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Level scaling - don't scale individual enemies, scale ENCOUNTERS


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the point is that we really don't know how this will be implemented. as per my example we might get different models (with different abilities) monsters as they level up.

 

so if at level 1 you'd get bandits, at level 10 you'd get rogues, at level 20 you'd get assassins or whatever.

 

thing is that there needs to be more information, more details before we jump to conclusions.

The point is this doesn't even make sense.

If there's a bandit camp outside a town, and I go there at level 20, suddenly it's an camp full of assassins? Or a camp full of bandits who could singlehandedly go and slay dragons or kill the entire towns populace?

 

Level scaling only works if there is a limit to how the scaling works. Blanket scaling from 1 to infinity gives you Oblivion style level scaling, and even encounter scaling wouldn't save this. The only benefit "level-scaling" has over "encounter-scaling" is that it lets the developer be lazy. This should be something no one wants.

Not every encounter should be scaled. Not every encounter in BG scaled either.

Edited by dlux

:closed:

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Having them scale to level 7 and then stop leveling is practically the same thing as in Oblivion, the only difference is that in Oblivion they never stop scaling.

Smallpox and chickenpox are basically the same thing, except that one goes away eventually while the other doesn't.

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the point is that we really don't know how this will be implemented. as per my example we might get different models (with different abilities) monsters as they level up.

 

so if at level 1 you'd get bandits, at level 10 you'd get rogues, at level 20 you'd get assassins or whatever.

 

thing is that there needs to be more information, more details before we jump to conclusions.

The point is this doesn't even make sense.

If there's a bandit camp outside a town, and I go there at level 20, suddenly it's an camp full of assassins? Or a camp full of bandits who could singlehandedly go and slay dragons or kill the entire towns populace?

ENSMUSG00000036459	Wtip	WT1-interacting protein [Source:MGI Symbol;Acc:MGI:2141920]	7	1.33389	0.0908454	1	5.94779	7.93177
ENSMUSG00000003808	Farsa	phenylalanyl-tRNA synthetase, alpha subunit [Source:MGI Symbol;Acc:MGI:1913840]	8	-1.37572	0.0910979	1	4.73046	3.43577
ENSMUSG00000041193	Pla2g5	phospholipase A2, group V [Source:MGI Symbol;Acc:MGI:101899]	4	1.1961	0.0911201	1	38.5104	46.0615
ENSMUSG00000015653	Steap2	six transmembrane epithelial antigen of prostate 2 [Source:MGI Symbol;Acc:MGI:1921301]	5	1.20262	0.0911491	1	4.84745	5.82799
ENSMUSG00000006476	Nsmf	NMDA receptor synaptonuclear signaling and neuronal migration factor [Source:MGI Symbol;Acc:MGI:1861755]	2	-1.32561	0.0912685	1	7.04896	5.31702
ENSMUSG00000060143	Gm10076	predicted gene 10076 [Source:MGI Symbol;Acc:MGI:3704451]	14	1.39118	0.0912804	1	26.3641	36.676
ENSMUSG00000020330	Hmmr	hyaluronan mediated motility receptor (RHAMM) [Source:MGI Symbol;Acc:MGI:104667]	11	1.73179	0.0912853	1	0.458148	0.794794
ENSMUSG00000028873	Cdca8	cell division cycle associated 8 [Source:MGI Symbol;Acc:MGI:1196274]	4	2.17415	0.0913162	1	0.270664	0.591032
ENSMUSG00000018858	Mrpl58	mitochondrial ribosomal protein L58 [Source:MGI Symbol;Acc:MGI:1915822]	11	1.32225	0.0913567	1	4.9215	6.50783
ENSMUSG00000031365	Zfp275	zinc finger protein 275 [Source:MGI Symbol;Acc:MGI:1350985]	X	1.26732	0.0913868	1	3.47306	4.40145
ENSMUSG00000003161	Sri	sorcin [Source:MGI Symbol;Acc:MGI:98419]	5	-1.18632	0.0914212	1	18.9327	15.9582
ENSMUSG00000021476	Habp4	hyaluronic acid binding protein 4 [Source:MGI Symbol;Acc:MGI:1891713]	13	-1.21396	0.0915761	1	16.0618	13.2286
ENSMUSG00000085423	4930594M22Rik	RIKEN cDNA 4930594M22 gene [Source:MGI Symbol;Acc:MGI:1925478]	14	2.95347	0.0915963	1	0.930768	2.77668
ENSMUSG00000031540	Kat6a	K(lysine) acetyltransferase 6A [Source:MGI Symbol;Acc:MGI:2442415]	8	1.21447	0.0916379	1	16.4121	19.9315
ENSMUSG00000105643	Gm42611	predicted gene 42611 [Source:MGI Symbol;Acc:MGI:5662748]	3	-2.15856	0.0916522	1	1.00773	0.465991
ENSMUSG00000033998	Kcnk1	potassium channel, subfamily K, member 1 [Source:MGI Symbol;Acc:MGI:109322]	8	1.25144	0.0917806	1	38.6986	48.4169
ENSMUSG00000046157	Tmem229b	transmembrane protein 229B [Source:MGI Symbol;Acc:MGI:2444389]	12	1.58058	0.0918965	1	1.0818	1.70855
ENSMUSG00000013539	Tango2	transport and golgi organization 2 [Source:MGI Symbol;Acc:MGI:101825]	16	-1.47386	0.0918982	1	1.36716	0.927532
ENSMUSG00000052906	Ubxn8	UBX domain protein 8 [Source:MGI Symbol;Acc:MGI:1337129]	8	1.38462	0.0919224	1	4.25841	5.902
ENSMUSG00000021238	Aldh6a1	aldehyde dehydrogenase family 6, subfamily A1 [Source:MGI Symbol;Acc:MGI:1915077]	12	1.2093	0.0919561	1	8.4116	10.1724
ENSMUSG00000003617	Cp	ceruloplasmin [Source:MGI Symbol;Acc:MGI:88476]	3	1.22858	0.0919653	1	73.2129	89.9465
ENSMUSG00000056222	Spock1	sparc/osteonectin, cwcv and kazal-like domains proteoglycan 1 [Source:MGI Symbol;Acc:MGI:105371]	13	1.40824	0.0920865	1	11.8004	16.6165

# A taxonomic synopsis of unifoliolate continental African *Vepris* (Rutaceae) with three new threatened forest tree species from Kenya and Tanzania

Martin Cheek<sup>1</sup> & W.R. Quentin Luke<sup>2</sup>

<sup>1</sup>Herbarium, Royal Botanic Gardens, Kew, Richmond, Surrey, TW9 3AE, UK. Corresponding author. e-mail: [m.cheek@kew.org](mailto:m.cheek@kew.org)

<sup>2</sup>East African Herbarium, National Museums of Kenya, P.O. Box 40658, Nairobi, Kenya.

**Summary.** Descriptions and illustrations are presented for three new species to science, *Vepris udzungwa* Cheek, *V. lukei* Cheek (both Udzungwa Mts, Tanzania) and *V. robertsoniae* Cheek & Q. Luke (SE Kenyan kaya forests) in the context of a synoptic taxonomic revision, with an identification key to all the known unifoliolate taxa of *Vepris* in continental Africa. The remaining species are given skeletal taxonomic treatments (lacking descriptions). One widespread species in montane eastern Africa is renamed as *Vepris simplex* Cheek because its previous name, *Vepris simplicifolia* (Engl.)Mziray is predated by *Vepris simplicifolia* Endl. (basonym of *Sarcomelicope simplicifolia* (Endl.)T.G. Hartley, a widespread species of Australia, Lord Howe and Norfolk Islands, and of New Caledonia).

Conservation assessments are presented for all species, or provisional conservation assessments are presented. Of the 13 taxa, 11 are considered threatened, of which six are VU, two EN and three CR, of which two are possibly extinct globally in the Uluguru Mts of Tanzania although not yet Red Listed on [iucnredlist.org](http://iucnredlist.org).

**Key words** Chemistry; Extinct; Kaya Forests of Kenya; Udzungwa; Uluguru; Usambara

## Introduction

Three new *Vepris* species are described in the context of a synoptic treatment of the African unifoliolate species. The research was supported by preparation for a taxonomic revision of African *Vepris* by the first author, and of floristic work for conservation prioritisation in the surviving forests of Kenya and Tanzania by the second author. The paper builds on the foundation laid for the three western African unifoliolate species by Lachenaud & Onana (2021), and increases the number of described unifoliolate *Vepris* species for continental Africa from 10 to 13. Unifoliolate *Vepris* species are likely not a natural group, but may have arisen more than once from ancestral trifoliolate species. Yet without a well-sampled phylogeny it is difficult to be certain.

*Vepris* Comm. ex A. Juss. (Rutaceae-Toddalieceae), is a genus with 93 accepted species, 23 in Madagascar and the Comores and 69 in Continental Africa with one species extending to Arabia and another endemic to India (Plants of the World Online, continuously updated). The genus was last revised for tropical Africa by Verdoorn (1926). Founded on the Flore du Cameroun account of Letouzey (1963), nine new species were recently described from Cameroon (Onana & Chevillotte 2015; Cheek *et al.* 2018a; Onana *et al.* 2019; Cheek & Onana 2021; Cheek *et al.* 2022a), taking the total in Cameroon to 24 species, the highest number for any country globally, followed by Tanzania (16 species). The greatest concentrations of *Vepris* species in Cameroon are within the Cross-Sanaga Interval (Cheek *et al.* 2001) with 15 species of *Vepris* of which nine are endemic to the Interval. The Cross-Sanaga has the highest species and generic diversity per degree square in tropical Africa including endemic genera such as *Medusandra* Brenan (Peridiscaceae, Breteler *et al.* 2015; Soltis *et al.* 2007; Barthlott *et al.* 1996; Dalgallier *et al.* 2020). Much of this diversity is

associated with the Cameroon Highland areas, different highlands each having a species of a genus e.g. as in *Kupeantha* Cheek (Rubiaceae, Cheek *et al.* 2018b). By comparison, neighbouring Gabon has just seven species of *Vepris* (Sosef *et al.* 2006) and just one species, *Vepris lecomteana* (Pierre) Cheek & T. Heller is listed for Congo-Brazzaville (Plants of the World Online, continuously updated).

Level scaling only works if there is a limit to how the scaling works. Blanket scaling from 1 to infinity gives you Oblivion style level scaling, and even encounter scaling wouldn't save this. The only benefit "level-scaling" has over "encounter-scaling" is that it lets the developer be lazy. This should be something no one wants.

That's because normally level scaling is implemented by simply scaling enemies stats and equipment.

 

But what if said bandit camp would be wider, with a couple more tents, the majority of bandits only 1-2 levels higher than normal and with the addition of few higher level rogues here and there.

Just like any 'normal' criminal organization that grew over time because no one opposed to them ;)

 

There are lazy and cool ways to implement level scaling. We still know nothing about it in P:E.

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To add one thing:this shouldn't mean that said 'scaled encounters' should scale enough to make levelling up as pointless as it is in a level-scaling contest.Just some tweaks not a major encounter overhaul.

Exactly. Some of the encounters can be augmented or tweaked, but that is it.

 

If I make an unwise decision about visiting a certain area, then I want the game to kick my ass so hard that I either die or just barely make it with 1 HP left. No hand holding please Obsidian!!

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I don't know if you guys have played Guild Wars 2, but they have an excellent leveling solution. You're level scales down to the area that you're in. Even if you're level 20, you get scaled to level 10 in a level 10 area. All enemies in that area are around levels 5-10. However, even though your stats scale, you still have better equipment and skills a level 10 character wouldn't have. The weapon stats scale, but a level 20 sword is still much better than a level 10 sword in a level 10 area.